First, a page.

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Lobbying 2014: Turkey seeks 'zero problems' with Obama

Turkey is lobbying heavily to try to rekindle a once-promising relationship with the administration of President Barack Obama that has markedly deteriorated over the past year.
U.S. President Barack Obama and Turkish Prime Minister Tayyip Erdogan (L) meet in New York September 20, 2011.  Obama condemned a deadly bombing in Ankara on Tuesday, as he met Erdogan on the sidelines of the U.N. General Assembly.    REUTERS/Kevin Lamarque  (UNITED STATES - Tags: POLITICS TPX IMAGES OF THE DAY) - RTR2RLKF

Turkey is lobbying heavily to try to rekindle a once-promising relationship with the administration of President Barack Obama that has markedly deteriorated over the past year.

Back in 2009, Obama made Ankara his first stop in the Muslim world and held up Turkey as a model for bridging Islam and the West. Relations have since soured significantly, with the two countries at odds on a host of foreign policy issues ranging from Syria to Egypt to Israel even as Washington grows increasingly critical of Prime Minister Recep Tayyip Erdogan’s crackdown on dissent.

“In the past, I was calling him directly,” Erdogan said of the US president in a July 21 interview with Turkey’s ATV. “Because I can't get the expected results on Syria, our foreign ministers are now talking to each other." 

Dwindling patience on the US side, meanwhile, was on full display during the July 15 nomination hearing for Obama’s pick for ambassador to Ankara.

“Are you concerned about Prime Minister Erdogan’s desire to change the constitution and other actions that we have seen on the part of Erdogan as a drift toward authoritarianism?” Sen. John McCain, R-Ariz., asked John Bass. McCain went on to warn that he would hold Bass’ nomination unless he answered.

“It is a drift in that direction, yes,” Bass replied.

Turkey is spending upward of $2 million a year on lobbying and public relations to help reverse that impression.

The lobbying effort is led by former House Majority Leader Richard Gephardt, D-Mo., and his Gephardt Group. Turkey has also recently restructured its public affairs push, terminating its seven-year-old contract with Fleishman-Hillard in April and hiring former Turkish national swimming champion Huma Gruaz and her Chicago-based Alpaytac PR firm one month later for a flat $1.42 million fee.

Gephardt and Gruaz have their work cut out for them.

Turkey and the United States don’t see eye to eye on a number of issues, with Erdogan’s Islamist government sharply critical of Israel and the Egyptian military’s overthrow of former President Mohammed Morsi while urging Obama to step up US armed assistance to the rebels fighting President Bashar al-Assad in Syria. Allegations that Turkey outed Israeli intelligence agents in Iran and considered buying a missile defense system from China have also undercut Turkey’s ability to buy US weapons, notably drones, according to the Congressional Research Service.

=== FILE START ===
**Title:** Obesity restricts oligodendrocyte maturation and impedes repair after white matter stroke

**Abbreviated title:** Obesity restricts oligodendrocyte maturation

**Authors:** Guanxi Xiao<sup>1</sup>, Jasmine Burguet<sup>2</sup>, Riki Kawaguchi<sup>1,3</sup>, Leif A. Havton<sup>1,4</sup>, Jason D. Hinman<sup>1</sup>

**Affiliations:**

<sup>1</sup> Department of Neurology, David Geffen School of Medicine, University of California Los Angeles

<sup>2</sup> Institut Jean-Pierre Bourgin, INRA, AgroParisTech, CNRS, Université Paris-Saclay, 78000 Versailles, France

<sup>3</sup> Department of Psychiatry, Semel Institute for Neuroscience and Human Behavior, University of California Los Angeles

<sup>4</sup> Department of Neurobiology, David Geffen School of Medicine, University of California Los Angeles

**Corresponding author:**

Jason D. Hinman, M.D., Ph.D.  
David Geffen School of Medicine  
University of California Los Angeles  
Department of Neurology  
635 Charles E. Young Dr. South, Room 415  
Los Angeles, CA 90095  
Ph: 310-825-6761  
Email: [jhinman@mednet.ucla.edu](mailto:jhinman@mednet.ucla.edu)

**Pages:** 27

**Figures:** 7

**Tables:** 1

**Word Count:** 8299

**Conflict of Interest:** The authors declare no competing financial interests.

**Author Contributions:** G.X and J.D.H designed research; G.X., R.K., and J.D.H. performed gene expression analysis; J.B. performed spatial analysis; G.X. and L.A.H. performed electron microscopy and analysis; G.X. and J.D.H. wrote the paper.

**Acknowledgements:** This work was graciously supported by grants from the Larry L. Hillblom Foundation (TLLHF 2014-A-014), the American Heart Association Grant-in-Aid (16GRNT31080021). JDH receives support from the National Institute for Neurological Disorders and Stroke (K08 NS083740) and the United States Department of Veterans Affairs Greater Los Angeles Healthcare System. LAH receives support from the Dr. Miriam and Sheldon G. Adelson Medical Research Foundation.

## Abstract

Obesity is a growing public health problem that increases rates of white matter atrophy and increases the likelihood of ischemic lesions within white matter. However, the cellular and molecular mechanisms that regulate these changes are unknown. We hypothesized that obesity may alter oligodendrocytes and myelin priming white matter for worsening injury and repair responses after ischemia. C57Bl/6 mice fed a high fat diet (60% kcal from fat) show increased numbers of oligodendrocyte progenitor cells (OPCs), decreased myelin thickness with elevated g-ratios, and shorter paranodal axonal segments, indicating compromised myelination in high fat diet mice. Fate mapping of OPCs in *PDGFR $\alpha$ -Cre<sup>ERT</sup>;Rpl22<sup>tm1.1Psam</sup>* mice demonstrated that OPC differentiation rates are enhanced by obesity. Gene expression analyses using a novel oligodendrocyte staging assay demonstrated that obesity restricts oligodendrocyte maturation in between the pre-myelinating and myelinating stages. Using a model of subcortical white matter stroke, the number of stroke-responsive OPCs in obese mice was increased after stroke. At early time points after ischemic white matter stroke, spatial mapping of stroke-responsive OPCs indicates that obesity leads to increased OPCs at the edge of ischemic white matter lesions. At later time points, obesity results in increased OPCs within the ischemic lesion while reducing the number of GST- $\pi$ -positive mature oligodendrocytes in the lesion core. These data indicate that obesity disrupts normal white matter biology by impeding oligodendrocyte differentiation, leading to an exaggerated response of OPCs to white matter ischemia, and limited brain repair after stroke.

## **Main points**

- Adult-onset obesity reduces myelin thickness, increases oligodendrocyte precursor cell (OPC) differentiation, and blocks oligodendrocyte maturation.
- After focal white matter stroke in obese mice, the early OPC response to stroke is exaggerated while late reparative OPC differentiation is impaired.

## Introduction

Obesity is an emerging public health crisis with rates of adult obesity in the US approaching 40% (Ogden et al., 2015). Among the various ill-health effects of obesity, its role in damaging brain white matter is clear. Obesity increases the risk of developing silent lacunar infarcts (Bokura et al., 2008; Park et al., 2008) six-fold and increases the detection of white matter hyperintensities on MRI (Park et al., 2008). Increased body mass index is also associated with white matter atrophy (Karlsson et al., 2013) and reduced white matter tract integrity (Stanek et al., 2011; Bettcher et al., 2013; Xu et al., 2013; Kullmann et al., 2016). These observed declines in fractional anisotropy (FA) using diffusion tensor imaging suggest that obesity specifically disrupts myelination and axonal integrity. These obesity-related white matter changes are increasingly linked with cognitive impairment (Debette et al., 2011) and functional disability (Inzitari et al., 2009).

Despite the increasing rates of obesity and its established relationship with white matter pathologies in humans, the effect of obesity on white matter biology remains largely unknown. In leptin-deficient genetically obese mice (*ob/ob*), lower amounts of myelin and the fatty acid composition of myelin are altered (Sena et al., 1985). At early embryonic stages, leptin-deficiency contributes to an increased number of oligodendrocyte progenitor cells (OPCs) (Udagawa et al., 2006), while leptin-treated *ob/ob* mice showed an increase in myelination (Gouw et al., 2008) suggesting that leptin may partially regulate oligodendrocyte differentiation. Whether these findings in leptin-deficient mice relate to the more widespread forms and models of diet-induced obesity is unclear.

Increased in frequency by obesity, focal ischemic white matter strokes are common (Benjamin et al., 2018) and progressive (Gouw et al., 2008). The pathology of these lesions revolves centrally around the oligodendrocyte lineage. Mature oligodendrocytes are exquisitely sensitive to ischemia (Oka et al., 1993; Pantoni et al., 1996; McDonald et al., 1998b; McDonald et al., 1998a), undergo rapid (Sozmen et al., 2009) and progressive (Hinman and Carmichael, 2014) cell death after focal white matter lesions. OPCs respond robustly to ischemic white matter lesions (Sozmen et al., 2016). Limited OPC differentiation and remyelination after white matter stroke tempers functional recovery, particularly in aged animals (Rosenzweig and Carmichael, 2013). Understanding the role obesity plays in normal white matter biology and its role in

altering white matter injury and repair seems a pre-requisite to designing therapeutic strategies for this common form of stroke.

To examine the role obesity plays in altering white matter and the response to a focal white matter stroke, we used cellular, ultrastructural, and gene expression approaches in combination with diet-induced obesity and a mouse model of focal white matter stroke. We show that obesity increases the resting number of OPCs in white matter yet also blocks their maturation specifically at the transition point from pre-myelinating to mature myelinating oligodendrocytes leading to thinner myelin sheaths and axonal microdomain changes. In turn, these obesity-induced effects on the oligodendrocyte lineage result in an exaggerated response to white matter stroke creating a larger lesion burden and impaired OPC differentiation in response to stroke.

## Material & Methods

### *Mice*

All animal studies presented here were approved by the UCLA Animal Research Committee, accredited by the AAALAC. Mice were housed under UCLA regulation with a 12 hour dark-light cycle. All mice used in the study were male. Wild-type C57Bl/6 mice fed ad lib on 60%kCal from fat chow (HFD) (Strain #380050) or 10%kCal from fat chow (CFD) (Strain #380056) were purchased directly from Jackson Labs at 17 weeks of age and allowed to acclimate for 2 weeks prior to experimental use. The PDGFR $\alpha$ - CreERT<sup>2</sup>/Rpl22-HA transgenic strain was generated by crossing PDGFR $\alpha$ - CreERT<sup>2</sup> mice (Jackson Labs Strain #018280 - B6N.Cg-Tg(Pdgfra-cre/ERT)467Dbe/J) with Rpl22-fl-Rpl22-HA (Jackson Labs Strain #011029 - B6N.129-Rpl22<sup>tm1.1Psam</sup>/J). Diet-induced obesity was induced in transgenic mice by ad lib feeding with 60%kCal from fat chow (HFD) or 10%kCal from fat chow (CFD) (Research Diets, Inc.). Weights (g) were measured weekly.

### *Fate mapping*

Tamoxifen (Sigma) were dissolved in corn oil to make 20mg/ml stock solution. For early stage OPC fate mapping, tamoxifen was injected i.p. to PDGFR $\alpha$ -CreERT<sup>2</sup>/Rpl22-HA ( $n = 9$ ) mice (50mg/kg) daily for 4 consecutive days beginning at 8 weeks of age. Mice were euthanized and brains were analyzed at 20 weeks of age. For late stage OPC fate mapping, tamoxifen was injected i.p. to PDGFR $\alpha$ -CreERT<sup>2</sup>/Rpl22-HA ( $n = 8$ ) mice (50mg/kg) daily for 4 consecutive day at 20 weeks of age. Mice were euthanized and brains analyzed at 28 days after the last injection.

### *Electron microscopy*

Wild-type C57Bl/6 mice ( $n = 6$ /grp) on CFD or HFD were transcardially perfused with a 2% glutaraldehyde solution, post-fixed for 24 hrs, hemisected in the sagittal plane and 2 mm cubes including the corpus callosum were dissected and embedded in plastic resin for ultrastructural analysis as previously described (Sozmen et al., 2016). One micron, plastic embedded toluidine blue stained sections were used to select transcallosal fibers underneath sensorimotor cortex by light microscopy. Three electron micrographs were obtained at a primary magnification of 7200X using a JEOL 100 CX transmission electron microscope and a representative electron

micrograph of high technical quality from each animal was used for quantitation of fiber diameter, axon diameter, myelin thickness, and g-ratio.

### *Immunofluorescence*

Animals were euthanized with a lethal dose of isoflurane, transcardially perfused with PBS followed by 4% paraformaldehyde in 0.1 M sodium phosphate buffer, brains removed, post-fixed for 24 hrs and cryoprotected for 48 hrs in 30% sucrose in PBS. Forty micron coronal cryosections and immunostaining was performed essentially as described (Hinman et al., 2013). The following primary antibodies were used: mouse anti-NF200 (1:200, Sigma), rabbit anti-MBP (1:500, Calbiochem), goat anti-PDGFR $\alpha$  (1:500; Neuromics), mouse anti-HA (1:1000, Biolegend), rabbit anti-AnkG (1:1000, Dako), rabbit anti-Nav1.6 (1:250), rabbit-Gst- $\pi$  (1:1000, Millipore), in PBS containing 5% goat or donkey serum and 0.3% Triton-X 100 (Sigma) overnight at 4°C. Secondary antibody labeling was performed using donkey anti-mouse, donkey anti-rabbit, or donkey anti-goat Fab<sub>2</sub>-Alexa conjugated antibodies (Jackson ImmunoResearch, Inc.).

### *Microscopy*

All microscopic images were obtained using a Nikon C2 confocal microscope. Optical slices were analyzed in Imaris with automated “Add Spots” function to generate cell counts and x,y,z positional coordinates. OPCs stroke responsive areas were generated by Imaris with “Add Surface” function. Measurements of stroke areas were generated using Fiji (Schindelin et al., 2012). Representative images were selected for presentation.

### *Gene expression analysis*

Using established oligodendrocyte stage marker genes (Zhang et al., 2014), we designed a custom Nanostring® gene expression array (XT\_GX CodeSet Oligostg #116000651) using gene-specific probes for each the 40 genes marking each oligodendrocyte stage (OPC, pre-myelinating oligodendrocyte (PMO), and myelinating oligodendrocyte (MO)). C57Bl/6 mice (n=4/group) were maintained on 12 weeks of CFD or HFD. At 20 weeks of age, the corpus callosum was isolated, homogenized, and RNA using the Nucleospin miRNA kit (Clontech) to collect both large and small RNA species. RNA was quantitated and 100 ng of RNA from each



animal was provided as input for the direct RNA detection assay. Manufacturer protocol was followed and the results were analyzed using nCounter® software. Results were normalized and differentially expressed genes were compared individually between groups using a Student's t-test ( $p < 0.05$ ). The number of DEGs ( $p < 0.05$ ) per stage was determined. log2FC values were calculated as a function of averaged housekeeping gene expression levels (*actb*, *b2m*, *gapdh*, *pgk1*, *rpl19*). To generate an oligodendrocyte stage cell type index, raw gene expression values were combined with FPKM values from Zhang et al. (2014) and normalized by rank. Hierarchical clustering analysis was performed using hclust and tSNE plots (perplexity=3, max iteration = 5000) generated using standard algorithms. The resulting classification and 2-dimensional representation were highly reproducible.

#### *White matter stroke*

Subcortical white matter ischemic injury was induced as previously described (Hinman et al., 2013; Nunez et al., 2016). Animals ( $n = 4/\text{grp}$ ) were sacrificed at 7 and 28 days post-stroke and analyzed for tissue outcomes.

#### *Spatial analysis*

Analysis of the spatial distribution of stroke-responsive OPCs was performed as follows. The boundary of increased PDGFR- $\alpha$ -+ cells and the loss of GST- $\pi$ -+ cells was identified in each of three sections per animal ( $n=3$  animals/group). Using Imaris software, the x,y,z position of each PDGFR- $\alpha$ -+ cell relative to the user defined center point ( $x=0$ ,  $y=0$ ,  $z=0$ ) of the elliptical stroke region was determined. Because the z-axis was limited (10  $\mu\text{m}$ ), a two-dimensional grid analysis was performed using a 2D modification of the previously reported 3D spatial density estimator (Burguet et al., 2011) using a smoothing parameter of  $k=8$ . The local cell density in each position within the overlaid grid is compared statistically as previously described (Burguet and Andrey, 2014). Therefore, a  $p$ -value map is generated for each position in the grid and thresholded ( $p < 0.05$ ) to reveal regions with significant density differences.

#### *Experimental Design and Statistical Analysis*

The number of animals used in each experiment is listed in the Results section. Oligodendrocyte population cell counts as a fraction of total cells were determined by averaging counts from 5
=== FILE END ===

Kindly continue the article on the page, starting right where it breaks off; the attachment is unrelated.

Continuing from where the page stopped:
On a positive note, Secretary of State John Kerry gave Turkey a boost on the diplomatic stage when he turned to Ankara to help negotiate a cease-fire in Gaza. And Vice President Joe Biden has expressed interest in negotiating a free trade agreement with Turkey, which fears the repercussions of being left out of the proposed US-EU trade deal.

In Congress, resolutions slamming the Erdogan government’s restrictions on Internet and press freedom — Turkey is the world’s biggest jailer of journalists — have been introduced this year in the House and Senate. And in June, the House Foreign Affairs Committee passed bipartisan legislation requiring the State Department to report on its efforts to persuade Turkey to return Christian sites and objects to their “rightful owners.”

 “Attempts by anti-Turkish circles in the US Congress, driven by domestic political considerations, to push such unconstructive and baseless initiatives are unacceptable,” a furious Turkish Foreign Ministry immediately responded.

The statement is an oblique reference to the powerful Armenian-American lobby, which has long pushed for Congress to label the killing of an estimated 1.5 million Armenians under the Ottoman Empire as “genocide.” In addition, last year, Jewish and Greek members of Congress — two groups that have strained relations with Ankara — joined forces to launch the Congressional Hellenic-Israel Alliance, further exacerbating Turkish grievances.

“One of the issues on Capitol Hill that’s of concern to most Turkish-Americans is the lack of balanced dialogue on the Hill,” Lincoln McCurdy, president of the Turkish Coalition of America (TCA), told Al-Monitor. “So a lot of our efforts are educational, trying to present the Turkish perspective on historical issues and current events.”

While the privately funded group doesn’t work for the Turkish government, it provides an assist on issues of concern to the estimated 500,000 Turkish-Americans, notably in opposition to the genocide language. The organization is also one of the biggest private sponsors of travel for lawmakers and their staff, having organized 170 trips worth a total of $1.09 million since 2000, while its Political Action Committee gave $139,775 to political candidates in the 18 months to June 30.

TCA was founded in 2007 by Massachusetts microchip millionaire Yalcin Ayalsi, whose family has spent hundreds of thousands of dollars in political contributions over the years to members of the 144-member Congressional Caucus on US-Turkish Relations and Turkish Americans. The caucus is co-chaired by Reps. Ed Whitfield, R-Ky., Virginia Foxx, R-N.C., Steve Cohen, D-Tenn., and Gerald Connolly, D-Va.

“I am fearful that in our haste to make a statement that provides understandable comfort to our constituents, we are going to rupture one of the most important bilateral relationships we have right now,” Connolly said in opposition to the Christian churches bill.